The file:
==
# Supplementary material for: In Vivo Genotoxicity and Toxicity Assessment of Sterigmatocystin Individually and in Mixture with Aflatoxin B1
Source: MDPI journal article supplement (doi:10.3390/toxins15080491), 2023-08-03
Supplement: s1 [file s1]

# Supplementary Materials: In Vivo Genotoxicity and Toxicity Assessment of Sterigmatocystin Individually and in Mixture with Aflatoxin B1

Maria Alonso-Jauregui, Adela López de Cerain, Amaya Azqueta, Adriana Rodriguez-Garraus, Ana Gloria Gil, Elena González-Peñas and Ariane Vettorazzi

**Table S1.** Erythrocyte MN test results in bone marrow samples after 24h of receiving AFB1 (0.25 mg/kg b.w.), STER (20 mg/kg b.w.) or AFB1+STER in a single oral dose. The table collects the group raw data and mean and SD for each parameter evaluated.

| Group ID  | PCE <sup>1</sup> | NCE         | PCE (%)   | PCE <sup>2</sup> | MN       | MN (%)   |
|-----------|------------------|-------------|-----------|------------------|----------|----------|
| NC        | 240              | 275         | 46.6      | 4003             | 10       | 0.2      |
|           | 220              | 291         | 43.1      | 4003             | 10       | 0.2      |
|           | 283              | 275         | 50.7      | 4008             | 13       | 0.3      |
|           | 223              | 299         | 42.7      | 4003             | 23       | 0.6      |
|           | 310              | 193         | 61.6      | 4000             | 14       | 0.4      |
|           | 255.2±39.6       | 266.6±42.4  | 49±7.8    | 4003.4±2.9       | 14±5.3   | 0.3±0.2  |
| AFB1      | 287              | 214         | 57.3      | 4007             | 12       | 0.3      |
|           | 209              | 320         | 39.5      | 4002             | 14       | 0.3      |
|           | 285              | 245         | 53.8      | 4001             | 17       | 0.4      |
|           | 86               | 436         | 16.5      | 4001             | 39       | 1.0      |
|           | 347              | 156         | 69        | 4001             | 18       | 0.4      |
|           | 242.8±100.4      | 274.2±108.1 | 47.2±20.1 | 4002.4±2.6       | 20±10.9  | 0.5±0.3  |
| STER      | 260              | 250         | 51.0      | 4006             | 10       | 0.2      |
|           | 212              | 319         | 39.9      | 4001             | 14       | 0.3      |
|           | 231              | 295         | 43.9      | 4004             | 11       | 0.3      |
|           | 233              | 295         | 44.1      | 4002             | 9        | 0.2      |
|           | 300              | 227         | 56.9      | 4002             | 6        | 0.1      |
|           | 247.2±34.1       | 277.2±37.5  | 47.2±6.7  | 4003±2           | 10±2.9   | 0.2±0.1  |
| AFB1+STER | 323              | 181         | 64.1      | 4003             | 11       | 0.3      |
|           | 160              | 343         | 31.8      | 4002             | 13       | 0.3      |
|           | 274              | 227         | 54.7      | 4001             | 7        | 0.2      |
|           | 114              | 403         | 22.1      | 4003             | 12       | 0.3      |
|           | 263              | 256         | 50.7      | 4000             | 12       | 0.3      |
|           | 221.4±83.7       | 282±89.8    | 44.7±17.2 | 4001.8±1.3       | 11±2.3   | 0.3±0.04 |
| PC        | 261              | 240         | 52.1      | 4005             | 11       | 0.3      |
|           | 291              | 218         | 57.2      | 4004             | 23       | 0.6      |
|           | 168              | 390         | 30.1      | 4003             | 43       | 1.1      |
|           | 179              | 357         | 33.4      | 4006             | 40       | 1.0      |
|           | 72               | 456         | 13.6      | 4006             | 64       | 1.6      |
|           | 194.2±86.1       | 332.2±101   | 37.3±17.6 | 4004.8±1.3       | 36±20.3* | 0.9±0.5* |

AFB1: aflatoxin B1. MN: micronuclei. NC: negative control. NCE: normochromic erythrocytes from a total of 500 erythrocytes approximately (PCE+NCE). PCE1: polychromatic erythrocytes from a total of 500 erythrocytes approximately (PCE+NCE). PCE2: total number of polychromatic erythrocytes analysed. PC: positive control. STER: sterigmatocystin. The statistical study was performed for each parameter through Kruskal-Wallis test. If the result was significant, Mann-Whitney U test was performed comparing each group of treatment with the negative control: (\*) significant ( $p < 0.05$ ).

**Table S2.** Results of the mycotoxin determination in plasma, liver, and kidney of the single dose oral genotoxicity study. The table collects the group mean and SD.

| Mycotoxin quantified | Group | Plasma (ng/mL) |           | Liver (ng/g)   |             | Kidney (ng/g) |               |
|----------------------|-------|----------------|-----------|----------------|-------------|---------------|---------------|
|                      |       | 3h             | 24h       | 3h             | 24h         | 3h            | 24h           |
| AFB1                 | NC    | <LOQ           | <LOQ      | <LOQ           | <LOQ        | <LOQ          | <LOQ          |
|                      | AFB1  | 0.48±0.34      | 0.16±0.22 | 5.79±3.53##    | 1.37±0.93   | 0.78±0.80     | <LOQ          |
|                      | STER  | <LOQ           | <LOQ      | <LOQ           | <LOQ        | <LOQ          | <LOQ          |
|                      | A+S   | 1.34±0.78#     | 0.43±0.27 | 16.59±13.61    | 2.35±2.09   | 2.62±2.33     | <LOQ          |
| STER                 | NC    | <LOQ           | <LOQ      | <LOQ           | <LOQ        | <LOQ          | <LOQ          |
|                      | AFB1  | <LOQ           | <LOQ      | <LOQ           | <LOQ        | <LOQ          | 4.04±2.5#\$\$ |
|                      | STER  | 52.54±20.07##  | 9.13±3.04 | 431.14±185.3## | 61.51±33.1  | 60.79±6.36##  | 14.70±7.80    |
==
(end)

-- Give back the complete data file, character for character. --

# Supplementary material for: In Vivo Genotoxicity and Toxicity Assessment of Sterigmatocystin Individually and in Mixture with Aflatoxin B1
Source: MDPI journal article supplement (doi:10.3390/toxins15080491), 2023-08-03
Supplement: s1 [file s1]

# Supplementary Materials: In Vivo Genotoxicity and Toxicity Assessment of Sterigmatocystin Individually and in Mixture with Aflatoxin B1

Maria Alonso-Jauregui, Adela López de Cerain, Amaya Azqueta, Adriana Rodriguez-Garraus, Ana Gloria Gil, Elena González-Peñas and Ariane Vettorazzi

**Table S1.** Erythrocyte MN test results in bone marrow samples after 24h of receiving AFB1 (0.25 mg/kg b.w.), STER (20 mg/kg b.w.) or AFB1+STER in a single oral dose. The table collects the group raw data and mean and SD for each parameter evaluated.

| Group ID  | PCE <sup>1</sup> | NCE         | PCE (%)   | PCE <sup>2</sup> | MN       | MN (%)   |
|-----------|------------------|-------------|-----------|------------------|----------|----------|
| NC        | 240              | 275         | 46.6      | 4003             | 10       | 0.2      |
|           | 220              | 291         | 43.1      | 4003             | 10       | 0.2      |
|           | 283              | 275         | 50.7      | 4008             | 13       | 0.3      |
|           | 223              | 299         | 42.7      | 4003             | 23       | 0.6      |
|           | 310              | 193         | 61.6      | 4000             | 14       | 0.4      |
|           | 255.2±39.6       | 266.6±42.4  | 49±7.8    | 4003.4±2.9       | 14±5.3   | 0.3±0.2  |
| AFB1      | 287              | 214         | 57.3      | 4007             | 12       | 0.3      |
|           | 209              | 320         | 39.5      | 4002             | 14       | 0.3      |
|           | 285              | 245         | 53.8      | 4001             | 17       | 0.4      |
|           | 86               | 436         | 16.5      | 4001             | 39       | 1.0      |
|           | 347              | 156         | 69        | 4001             | 18       | 0.4      |
|           | 242.8±100.4      | 274.2±108.1 | 47.2±20.1 | 4002.4±2.6       | 20±10.9  | 0.5±0.3  |
| STER      | 260              | 250         | 51.0      | 4006             | 10       | 0.2      |
|           | 212              | 319         | 39.9      | 4001             | 14       | 0.3      |
|           | 231              | 295         | 43.9      | 4004             | 11       | 0.3      |
|           | 233              | 295         | 44.1      | 4002             | 9        | 0.2      |
|           | 300              | 227         | 56.9      | 4002             | 6        | 0.1      |
|           | 247.2±34.1       | 277.2±37.5  | 47.2±6.7  | 4003±2           | 10±2.9   | 0.2±0.1  |
| AFB1+STER | 323              | 181         | 64.1      | 4003             | 11       | 0.3      |
|           | 160              | 343         | 31.8      | 4002             | 13       | 0.3      |
|           | 274              | 227         | 54.7      | 4001             | 7        | 0.2      |
|           | 114              | 403         | 22.1      | 4003             | 12       | 0.3      |
|           | 263              | 256         | 50.7      | 4000             | 12       | 0.3      |
|           | 221.4±83.7       | 282±89.8    | 44.7±17.2 | 4001.8±1.3       | 11±2.3   | 0.3±0.04 |
| PC        | 261              | 240         | 52.1      | 4005             | 11       | 0.3      |
|           | 291              | 218         | 57.2      | 4004             | 23       | 0.6      |
|           | 168              | 390         | 30.1      | 4003             | 43       | 1.1      |
|           | 179              | 357         | 33.4      | 4006             | 40       | 1.0      |
|           | 72               | 456         | 13.6      | 4006             | 64       | 1.6      |
|           | 194.2±86.1       | 332.2±101   | 37.3±17.6 | 4004.8±1.3       | 36±20.3* | 0.9±0.5* |

AFB1: aflatoxin B1. MN: micronuclei. NC: negative control. NCE: normochromic erythrocytes from a total of 500 erythrocytes approximately (PCE+NCE). PCE1: polychromatic erythrocytes from a total of 500 erythrocytes approximately (PCE+NCE). PCE2: total number of polychromatic erythrocytes analysed. PC: positive control. STER: sterigmatocystin. The statistical study was performed for each parameter through Kruskal-Wallis test. If the result was significant, Mann-Whitney U test was performed comparing each group of treatment with the negative control: (\*) significant ( $p < 0.05$ ).

**Table S2.** Results of the mycotoxin determination in plasma, liver, and kidney of the single dose oral genotoxicity study. The table collects the group mean and SD.

| Mycotoxin quantified | Group | Plasma (ng/mL) |           | Liver (ng/g)   |             | Kidney (ng/g) |               |
|----------------------|-------|----------------|-----------|----------------|-------------|---------------|---------------|
|                      |       | 3h             | 24h       | 3h             | 24h         | 3h            | 24h           |
| AFB1                 | NC    | <LOQ           | <LOQ      | <LOQ           | <LOQ        | <LOQ          | <LOQ          |
|                      | AFB1  | 0.48±0.34      | 0.16±0.22 | 5.79±3.53##    | 1.37±0.93   | 0.78±0.80     | <LOQ          |
|                      | STER  | <LOQ           | <LOQ      | <LOQ           | <LOQ        | <LOQ          | <LOQ          |
|                      | A+S   | 1.34±0.78#     | 0.43±0.27 | 16.59±13.61    | 2.35±2.09   | 2.62±2.33     | <LOQ          |
| STER                 | NC    | <LOQ           | <LOQ      | <LOQ           | <LOQ        | <LOQ          | <LOQ          |
|                      | AFB1  | <LOQ           | <LOQ      | <LOQ           | <LOQ        | <LOQ          | 4.04±2.5#\$\$ |
|                      | STER  | 52.54±20.07##  | 9.13±3.04 | 431.14±185.3## | 61.51±33.1  | 60.79±6.36##  | 14.70±7.80    |